Mr. Chamoux, a slow-moving, jovial man, has been here 20 years and seems to know each student by name. Under a crucifix in his cramped office, he extolled the virtues of Catholic schools. “We practice religious freedom; the public schools don’t,” he said. “We teach the national curriculum. Religious activities are entirely optional.”
“If I banned the head scarf, half the girls wouldn’t go to school at all,” he added. “I prefer to have them here, talk to them and tell them that they have a choice. Many actually take it off after a while. My goal is that by the time they graduate they have made a conscious choice, one way or the other.”
Defenders of secularism retort that such leniency could encourage other special requests, and anti-Western values like the oppression of women.
“The head scarf is a sexist sign, and discrimination between the sexes has no place in the republican school,” France’s minister of national education, Xavier Darcos, said in a telephone interview. “That is the fundamental reason why we are against it.”
Mr. Chamoux said he suspects that some pupils (“a small minority,” he said) wear the scarf because of pressure from family. He acknowledged that parents routinely demand exemptions from swimming lessons for daughters who, when denied, present a medical certificate and miss class anyway. Recently, he said, he put his foot down when students asked to remove the crucifix in a classroom they wanted for communal prayers during Ramadan, which in France ends on Tuesday.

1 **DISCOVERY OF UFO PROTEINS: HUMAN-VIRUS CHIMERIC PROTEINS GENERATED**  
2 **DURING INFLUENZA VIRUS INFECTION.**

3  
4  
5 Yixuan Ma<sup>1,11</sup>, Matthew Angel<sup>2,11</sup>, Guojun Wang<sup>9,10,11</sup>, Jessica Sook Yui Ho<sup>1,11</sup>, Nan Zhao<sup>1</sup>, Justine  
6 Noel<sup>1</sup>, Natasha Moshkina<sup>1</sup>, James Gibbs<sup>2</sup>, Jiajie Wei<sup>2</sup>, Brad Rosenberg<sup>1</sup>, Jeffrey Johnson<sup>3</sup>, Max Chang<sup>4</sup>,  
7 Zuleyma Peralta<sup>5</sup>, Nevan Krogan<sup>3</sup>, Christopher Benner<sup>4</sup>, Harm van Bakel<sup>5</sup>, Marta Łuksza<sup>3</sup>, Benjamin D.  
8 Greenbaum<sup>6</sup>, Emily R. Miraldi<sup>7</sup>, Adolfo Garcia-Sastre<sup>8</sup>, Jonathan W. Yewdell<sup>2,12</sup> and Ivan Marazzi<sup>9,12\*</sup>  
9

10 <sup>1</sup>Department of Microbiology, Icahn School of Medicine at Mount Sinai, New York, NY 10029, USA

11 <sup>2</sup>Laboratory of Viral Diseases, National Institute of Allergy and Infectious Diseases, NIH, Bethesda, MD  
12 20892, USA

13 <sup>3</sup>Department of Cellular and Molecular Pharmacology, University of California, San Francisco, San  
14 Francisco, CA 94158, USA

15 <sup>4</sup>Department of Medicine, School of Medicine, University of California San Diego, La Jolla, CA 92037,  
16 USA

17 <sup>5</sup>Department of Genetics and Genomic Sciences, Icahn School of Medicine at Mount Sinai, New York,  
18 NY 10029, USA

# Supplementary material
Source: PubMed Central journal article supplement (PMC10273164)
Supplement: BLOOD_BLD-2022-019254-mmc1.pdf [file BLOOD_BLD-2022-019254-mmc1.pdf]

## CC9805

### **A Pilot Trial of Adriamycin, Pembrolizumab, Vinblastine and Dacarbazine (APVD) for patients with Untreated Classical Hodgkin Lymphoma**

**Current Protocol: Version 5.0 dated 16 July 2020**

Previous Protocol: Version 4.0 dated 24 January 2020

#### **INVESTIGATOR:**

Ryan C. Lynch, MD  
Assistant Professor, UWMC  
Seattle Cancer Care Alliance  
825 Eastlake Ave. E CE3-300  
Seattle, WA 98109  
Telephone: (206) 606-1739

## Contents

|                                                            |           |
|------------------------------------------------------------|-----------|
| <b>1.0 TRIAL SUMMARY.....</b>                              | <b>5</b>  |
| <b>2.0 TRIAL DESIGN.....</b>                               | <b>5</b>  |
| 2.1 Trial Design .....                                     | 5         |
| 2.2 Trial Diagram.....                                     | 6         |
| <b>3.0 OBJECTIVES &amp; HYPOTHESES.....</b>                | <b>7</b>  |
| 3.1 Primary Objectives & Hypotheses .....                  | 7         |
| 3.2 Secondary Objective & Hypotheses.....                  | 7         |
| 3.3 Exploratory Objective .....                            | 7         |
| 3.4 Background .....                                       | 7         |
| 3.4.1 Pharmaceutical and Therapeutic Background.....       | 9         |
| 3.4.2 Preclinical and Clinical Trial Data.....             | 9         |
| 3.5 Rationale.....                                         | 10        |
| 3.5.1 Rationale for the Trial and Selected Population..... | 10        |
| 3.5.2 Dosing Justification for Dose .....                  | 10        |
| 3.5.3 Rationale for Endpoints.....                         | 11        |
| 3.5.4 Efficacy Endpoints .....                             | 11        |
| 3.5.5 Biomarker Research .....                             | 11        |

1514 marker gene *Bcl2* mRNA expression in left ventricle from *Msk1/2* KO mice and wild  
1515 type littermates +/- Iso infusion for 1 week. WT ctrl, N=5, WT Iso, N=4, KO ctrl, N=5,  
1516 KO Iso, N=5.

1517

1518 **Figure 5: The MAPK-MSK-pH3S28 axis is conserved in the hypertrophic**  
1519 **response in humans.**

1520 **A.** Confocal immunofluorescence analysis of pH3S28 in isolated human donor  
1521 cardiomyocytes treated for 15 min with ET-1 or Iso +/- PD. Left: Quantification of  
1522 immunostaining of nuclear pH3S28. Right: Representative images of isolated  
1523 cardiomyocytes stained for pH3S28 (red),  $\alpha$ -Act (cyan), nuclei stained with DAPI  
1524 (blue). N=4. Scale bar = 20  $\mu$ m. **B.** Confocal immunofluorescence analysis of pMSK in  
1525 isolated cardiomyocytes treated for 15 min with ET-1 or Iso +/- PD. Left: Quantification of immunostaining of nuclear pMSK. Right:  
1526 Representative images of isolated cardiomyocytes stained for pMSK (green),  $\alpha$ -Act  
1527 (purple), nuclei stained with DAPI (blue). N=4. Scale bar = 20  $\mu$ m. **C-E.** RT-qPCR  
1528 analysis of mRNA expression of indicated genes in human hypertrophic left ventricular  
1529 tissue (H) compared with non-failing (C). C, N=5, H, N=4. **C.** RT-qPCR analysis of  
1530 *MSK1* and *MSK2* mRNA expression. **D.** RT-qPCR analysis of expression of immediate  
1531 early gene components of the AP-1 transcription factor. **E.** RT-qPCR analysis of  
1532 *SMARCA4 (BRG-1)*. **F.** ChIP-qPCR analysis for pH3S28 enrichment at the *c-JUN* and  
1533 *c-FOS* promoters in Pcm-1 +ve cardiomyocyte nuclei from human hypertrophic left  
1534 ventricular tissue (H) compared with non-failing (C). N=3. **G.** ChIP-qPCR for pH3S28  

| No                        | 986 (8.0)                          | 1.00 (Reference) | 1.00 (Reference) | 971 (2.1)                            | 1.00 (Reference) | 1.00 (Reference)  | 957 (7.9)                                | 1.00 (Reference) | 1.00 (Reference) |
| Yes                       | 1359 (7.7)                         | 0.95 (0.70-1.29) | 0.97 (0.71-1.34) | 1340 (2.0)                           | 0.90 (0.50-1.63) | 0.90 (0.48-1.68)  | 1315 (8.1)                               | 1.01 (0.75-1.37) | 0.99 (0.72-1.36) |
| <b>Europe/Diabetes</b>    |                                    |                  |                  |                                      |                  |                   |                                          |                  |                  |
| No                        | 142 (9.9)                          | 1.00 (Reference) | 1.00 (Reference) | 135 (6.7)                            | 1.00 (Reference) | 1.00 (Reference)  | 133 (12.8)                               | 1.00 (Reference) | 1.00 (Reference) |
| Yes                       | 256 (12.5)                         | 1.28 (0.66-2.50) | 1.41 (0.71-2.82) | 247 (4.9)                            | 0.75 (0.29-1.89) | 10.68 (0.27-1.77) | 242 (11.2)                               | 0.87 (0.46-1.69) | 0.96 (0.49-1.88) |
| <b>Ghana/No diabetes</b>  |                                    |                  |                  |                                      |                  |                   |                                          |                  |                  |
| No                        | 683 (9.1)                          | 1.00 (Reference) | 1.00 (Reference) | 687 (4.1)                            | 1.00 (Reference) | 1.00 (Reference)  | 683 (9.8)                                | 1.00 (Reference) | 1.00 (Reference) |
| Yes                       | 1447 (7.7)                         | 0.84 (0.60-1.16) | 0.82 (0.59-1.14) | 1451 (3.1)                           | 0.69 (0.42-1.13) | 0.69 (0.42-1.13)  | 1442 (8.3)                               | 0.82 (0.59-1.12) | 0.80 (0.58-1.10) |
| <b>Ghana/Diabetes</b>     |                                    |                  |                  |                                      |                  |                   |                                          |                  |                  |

The biology teacher at St. Mauront has been challenged on Darwin’s theory of evolution, and history class can get heated during discussions of the Crusades or the Israeli-Palestinian conflict. In 2001, after the Sept. 11 attacks, some Muslim students shocked the staff by showing glee, Mr. Chamoux recalled.
The school deals swiftly with offensive comments, he said, but also tries to respect Islam. It takes Muslim holidays into account for parent-teacher meetings. For two years now, it has offered optional Arabic-language instruction — in part to steer students away from Koran classes in neighborhood mosques believed to preach radical Islam.
When Zohra Hanane, the parent of a Muslim student, was asked why she chose Catholic school for her daughter, Sabrina, her answer was swift. “We share the same God,” she said.
But faith is not the only argument. Even though Ms. Hanane, who is a single mother and currently unemployed, struggles to meet the annual fee at St. Mauront of 249 euros ($364) — unusually low, because the school receives additional state subsidies and has spartan facilities — she said it was worth it because she did not want her children with “the wrong crowd” in the projects.
Tuesday, September 30, 2008
French Muslim students find have in Catholic schools
From the NY Times
Posted by W at 9:53 AM